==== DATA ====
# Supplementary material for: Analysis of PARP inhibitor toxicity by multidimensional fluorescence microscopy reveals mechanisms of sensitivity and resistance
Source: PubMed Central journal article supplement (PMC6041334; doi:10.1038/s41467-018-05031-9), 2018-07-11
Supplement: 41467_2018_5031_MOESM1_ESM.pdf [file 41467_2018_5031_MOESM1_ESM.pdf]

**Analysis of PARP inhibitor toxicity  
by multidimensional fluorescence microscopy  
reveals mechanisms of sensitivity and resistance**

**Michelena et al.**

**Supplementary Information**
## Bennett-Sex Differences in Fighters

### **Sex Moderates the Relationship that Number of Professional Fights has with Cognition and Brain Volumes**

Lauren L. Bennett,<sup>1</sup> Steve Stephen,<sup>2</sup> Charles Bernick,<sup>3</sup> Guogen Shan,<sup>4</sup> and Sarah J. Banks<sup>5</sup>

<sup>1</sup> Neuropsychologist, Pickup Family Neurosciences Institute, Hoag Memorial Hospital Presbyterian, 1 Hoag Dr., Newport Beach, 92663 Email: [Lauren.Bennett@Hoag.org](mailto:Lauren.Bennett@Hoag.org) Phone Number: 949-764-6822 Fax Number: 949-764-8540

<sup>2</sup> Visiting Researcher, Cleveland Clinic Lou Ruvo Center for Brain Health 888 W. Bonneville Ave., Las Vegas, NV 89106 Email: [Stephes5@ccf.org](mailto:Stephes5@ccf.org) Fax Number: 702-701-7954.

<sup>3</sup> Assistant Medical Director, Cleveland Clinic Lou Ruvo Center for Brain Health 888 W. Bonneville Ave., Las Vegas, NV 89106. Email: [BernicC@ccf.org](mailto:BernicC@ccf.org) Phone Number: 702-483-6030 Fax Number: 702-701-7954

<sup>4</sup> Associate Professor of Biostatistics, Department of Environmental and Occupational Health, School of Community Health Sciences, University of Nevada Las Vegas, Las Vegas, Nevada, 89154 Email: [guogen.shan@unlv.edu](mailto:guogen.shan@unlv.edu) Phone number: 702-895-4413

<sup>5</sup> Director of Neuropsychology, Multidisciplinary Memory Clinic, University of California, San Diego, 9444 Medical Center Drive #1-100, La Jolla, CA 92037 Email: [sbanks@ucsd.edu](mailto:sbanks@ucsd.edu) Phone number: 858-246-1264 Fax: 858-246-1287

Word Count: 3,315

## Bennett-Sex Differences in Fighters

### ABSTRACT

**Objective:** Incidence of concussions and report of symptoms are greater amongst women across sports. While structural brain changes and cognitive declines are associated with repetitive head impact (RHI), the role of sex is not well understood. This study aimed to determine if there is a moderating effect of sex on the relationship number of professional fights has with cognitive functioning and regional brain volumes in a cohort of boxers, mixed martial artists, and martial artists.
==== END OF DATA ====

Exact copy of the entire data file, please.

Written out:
# Supplementary material for: Analysis of PARP inhibitor toxicity by multidimensional fluorescence microscopy reveals mechanisms of sensitivity and resistance
Source: PubMed Central journal article supplement (PMC6041334; doi:10.1038/s41467-018-05031-9), 2018-07-11
Supplement: 41467_2018_5031_MOESM1_ESM.pdf [file 41467_2018_5031_MOESM1_ESM.pdf]

**Analysis of PARP inhibitor toxicity  
by multidimensional fluorescence microscopy  
reveals mechanisms of sensitivity and resistance**

**Michelena et al.**

**Supplementary Information**
## Bennett-Sex Differences in Fighters

### **Sex Moderates the Relationship that Number of Professional Fights has with Cognition and Brain Volumes**

Lauren L. Bennett,<sup>1</sup> Steve Stephen,<sup>2</sup> Charles Bernick,<sup>3</sup> Guogen Shan,<sup>4</sup> and Sarah J. Banks<sup>5</sup>

<sup>1</sup> Neuropsychologist, Pickup Family Neurosciences Institute, Hoag Memorial Hospital Presbyterian, 1 Hoag Dr., Newport Beach, 92663 Email: [Lauren.Bennett@Hoag.org](mailto:Lauren.Bennett@Hoag.org) Phone Number: 949-764-6822 Fax Number: 949-764-8540

<sup>2</sup> Visiting Researcher, Cleveland Clinic Lou Ruvo Center for Brain Health 888 W. Bonneville Ave., Las Vegas, NV 89106 Email: [Stephes5@ccf.org](mailto:Stephes5@ccf.org) Fax Number: 702-701-7954.

<sup>3</sup> Assistant Medical Director, Cleveland Clinic Lou Ruvo Center for Brain Health 888 W. Bonneville Ave., Las Vegas, NV 89106. Email: [BernicC@ccf.org](mailto:BernicC@ccf.org) Phone Number: 702-483-6030 Fax Number: 702-701-7954

<sup>4</sup> Associate Professor of Biostatistics, Department of Environmental and Occupational Health, School of Community Health Sciences, University of Nevada Las Vegas, Las Vegas, Nevada, 89154 Email: [guogen.shan@unlv.edu](mailto:guogen.shan@unlv.edu) Phone number: 702-895-4413

<sup>5</sup> Director of Neuropsychology, Multidisciplinary Memory Clinic, University of California, San Diego, 9444 Medical Center Drive #1-100, La Jolla, CA 92037 Email: [sbanks@ucsd.edu](mailto:sbanks@ucsd.edu) Phone number: 858-246-1264 Fax: 858-246-1287

Word Count: 3,315

## Bennett-Sex Differences in Fighters

### ABSTRACT

**Objective:** Incidence of concussions and report of symptoms are greater amongst women across sports. While structural brain changes and cognitive declines are associated with repetitive head impact (RHI), the role of sex is not well understood. This study aimed to determine if there is a moderating effect of sex on the relationship number of professional fights has with cognitive functioning and regional brain volumes in a cohort of boxers, mixed martial artists, and martial artists.